Women's Health

The fertility awareness method and tracking your cervical fluid

The fertility awareness method and tracking your cervical fluid

If you've been in this for the long haul with me and have been a part of my community since way back when then you already know how this journey began. And if you're new here, let me proudly let you in on how I got started and how I grew my female-strong community: by talking about PERIODS.


First of all, let me say I LOVE that this conversation has come out from under the table and is all over social media. However, let me also say, that it is still shocking how much misguided and misinformed 'educational' content I have come across. So I've decided it's time to refresh and set the record straight.


Let this be your guide to understanding your cycle and syncing your life to your natural rhythms. We have been taught to see our periods as a burden when really, we should embrace our womanhood! The ebbs and flows (literally lol) of your cycle are a beautiful thing, and understanding these parts of you can lead to some serious glowing up - and you know we are HERE for that.


FYI, today is not about birth control methods or the negative side effects of hormonal birth control. We'll save that for another day, as that is an entire topic in and of itself. If you want that info now, though, you can search for it in the podcast directory (I've already done several episodes on it).




Let's get some facts straight before we begin... If you are having sex, there is a 1000% percent chance that you could become pregnant, so just remember that little fact. It is also good to know that if you take hormonal birth control, there is a 6% chance of becoming pregnant. If you combine TWO methods, you can drop that down to a 1-2% chance of becoming pregnant.


The two methods I use with my fiancé are the fertility awareness method and, on the days surrounding ovulation, the pull-out method. Remember, sperm can live inside a healthy vagina for up to five days, so it's really important (if you want to use this method) that you understand your body and its tell-tale signs of which phase of your cycle you are currently in.


I will give you basic, typical changes to look out for using one thing that never lies: your cervical fluid. But at the end of the day, the most important thing is for you to get to know your own body because it may differ slightly.


Cervical mucus has a biological purpose. Without the presence of it, sperm would die very quickly in the vagina. Cervical mucus neutralizes the PH level of the vagina, nourishes and feeds sperm, and allows it to make the journey to the egg. Certain types of cervical mucus also filter out bad sperm, only allowing the “right” sperm to reach the egg. How cool is that?!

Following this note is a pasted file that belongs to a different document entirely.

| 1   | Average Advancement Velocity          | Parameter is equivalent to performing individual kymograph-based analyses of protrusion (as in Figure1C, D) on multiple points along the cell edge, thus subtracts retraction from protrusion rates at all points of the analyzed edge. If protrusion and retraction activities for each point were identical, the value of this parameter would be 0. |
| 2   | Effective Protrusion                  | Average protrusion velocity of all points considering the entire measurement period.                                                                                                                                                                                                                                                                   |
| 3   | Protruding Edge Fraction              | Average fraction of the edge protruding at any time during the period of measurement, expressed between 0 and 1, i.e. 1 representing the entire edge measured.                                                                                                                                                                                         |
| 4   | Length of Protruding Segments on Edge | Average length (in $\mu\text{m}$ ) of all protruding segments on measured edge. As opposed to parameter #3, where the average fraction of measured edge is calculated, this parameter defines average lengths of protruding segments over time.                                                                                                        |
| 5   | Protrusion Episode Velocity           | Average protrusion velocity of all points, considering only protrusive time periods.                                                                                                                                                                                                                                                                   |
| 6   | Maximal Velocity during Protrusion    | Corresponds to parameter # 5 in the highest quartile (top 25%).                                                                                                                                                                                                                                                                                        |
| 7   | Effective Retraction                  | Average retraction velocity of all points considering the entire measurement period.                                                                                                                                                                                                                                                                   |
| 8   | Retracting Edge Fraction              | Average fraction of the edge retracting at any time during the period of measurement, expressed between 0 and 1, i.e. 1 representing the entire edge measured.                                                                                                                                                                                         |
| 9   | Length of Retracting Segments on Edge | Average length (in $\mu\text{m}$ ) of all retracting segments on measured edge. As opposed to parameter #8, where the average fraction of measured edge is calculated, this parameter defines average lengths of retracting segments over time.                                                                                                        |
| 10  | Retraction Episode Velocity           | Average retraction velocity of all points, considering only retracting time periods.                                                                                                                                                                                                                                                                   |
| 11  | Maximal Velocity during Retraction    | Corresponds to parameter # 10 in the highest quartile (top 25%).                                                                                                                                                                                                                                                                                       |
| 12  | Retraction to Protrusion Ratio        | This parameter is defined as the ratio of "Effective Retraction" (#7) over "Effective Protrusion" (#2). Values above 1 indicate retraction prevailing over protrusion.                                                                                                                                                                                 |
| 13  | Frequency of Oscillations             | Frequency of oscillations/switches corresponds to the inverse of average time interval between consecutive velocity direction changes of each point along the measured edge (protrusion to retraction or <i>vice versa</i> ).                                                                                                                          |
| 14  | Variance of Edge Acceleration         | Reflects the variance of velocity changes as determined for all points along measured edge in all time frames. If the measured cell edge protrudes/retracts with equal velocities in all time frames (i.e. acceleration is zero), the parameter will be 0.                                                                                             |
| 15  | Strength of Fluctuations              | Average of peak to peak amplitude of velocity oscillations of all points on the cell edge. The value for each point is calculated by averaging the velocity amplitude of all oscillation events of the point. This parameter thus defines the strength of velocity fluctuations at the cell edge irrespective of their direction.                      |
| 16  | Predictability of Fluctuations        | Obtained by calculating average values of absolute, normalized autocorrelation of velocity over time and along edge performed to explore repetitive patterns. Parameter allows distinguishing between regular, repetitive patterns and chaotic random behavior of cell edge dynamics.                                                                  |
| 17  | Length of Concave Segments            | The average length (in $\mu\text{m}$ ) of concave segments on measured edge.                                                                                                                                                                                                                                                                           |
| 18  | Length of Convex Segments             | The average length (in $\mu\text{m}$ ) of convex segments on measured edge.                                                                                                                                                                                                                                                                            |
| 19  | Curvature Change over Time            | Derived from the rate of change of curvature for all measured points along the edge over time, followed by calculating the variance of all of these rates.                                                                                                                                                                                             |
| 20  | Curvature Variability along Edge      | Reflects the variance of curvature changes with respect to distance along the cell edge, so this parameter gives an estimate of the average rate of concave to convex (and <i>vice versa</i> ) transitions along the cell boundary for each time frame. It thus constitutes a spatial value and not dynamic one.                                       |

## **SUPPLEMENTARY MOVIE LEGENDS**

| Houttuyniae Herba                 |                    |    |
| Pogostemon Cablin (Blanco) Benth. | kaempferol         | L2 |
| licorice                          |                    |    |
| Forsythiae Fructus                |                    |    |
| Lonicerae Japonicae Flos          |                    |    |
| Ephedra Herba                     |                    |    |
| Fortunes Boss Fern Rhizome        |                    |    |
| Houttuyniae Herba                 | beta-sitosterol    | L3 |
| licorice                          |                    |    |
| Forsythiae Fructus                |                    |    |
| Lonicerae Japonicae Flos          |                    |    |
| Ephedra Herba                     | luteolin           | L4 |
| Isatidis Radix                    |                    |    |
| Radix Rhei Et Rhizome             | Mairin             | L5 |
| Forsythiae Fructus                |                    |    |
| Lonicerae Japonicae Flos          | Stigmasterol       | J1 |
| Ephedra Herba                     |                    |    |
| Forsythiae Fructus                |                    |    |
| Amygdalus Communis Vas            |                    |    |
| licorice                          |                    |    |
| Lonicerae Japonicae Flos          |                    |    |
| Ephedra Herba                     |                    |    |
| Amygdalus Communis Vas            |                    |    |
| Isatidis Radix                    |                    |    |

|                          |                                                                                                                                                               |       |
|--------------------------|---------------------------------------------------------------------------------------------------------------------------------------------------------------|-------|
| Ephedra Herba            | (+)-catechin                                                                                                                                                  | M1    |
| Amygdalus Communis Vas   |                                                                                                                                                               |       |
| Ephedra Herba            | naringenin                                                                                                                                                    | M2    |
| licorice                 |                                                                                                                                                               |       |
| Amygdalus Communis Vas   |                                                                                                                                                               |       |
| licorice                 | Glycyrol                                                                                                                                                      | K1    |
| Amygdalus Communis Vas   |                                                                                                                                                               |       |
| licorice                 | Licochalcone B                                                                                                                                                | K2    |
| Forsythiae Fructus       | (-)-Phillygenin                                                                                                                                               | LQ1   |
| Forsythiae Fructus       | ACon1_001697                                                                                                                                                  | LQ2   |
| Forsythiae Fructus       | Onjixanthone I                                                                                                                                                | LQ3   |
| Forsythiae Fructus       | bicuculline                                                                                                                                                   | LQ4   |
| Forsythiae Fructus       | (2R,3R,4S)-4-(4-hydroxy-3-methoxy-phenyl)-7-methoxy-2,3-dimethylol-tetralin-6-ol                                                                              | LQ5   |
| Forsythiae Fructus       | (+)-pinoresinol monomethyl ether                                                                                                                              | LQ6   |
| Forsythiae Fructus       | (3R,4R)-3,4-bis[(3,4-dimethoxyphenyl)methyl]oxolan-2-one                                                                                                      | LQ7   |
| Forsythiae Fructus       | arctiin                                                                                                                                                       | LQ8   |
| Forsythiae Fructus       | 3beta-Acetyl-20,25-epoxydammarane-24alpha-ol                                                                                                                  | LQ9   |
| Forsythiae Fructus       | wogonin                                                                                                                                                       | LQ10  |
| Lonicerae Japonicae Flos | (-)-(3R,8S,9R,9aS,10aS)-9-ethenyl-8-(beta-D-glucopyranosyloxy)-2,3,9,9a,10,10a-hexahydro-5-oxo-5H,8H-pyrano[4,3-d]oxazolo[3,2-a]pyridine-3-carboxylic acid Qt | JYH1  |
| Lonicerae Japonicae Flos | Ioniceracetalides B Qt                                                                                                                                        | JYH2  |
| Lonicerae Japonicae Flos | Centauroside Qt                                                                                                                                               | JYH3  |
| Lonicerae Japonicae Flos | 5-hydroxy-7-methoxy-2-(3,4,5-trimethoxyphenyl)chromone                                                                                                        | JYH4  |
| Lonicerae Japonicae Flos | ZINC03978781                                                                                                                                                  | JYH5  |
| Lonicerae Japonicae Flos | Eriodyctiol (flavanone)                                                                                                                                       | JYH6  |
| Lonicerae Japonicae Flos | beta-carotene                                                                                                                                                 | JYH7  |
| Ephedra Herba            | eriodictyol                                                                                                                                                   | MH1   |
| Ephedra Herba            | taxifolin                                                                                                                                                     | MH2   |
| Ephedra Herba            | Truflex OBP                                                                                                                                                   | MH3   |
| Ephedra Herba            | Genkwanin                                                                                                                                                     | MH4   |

Your cycle begins with the menstrual phase. Day one of your cycle is day one of your bleed. Once you stop bleeding, you enter the follicular phase.


After your period, you're pretty dry and maybe a bit tacky. Of course, you're never FULLY dry because the vagina is a mucus membrane. But if you were to put your fingers up your vagina, there wouldn't be much on your fingers. Then things still start to pick up, and you might get a bit damp and white cervical fluid. Non-peak (peak meaning: ovulation warning bells) cervical fluid is like hand moisturizer consistency. After menstruation, you may notice several days of dryness, and then you'll notice that your cervical fluid starts to change. When your cervical fluid starts to become pronounced, and like moisturizer, that's kind of the 'warning bells' that ovulation is coming.


Cervical mucus plays a key role in conception. Estrogen peaks just before ovulation. This causes cervical mucus to change from pasty or creamy to resembling stretchy, raw egg whites. This wet, slippery discharge makes it easier for sperm to swim up the vagina and into the uterus to meet an egg. If you have sex at this time, you increase your chances of getting pregnant.

Think of your uterus as a swimming pool, your cervical mucus as water, and the sperm as a person trying to swim. If the water was thick or mud-like, there's no way a person could swim through it to reach the other side of the pool. This is how hard it is for sperm to reach your fallopian tubes if your cervical mucus isn't fertile. It's easier for sperm to swim up the uterus to meet an egg for conception in thin, wet, egg-white mucus.

So to recap: your 'peak' for ovulation cervical fluid looks like raw egg whites, clear or partly clear. The key thing is: it's slippery!


Then you'll dry up again and maybe have some light cervical fluid or more like cloudy clumpy cervical fluid. Another good thing to know is in your luteal phase, there is no more egg to be fertilized. There is only about a 24-48 hour window in which your egg can be fertilized after ovulation, but it's still good to be careful for a few days because, as I mentioned before, sperm can live in a healthy vagina for up to five days.

The most important thing is that you get to know your cervical fluid!


One question I often get is: What if you didn't ovulate? 

Sometimes, none of your follicles reach the ovulation finish line. But you can still bleed. Why? Because your follicles still make estrogen as they grew and tried to ovulate. And remember, estrogen stimulates fertile mucus and thickens your uterine lining. And eventually, that uterine lining will have to shed. Anovulatory cycles are not true menstrual cycles with all the steps of ovulation, corpus luteum, and a luteal phase, and things like stress, travel, and too much exercise can absolutely disrupt your ovulation.


Also, sidenote: happy 300th episode 🙂 I've released two episodes for you on the podcast this week to celebrate the occasion. If you loved this information and would like to dive even deeper, then go listen to BOTH episodes 300 and 301 right now!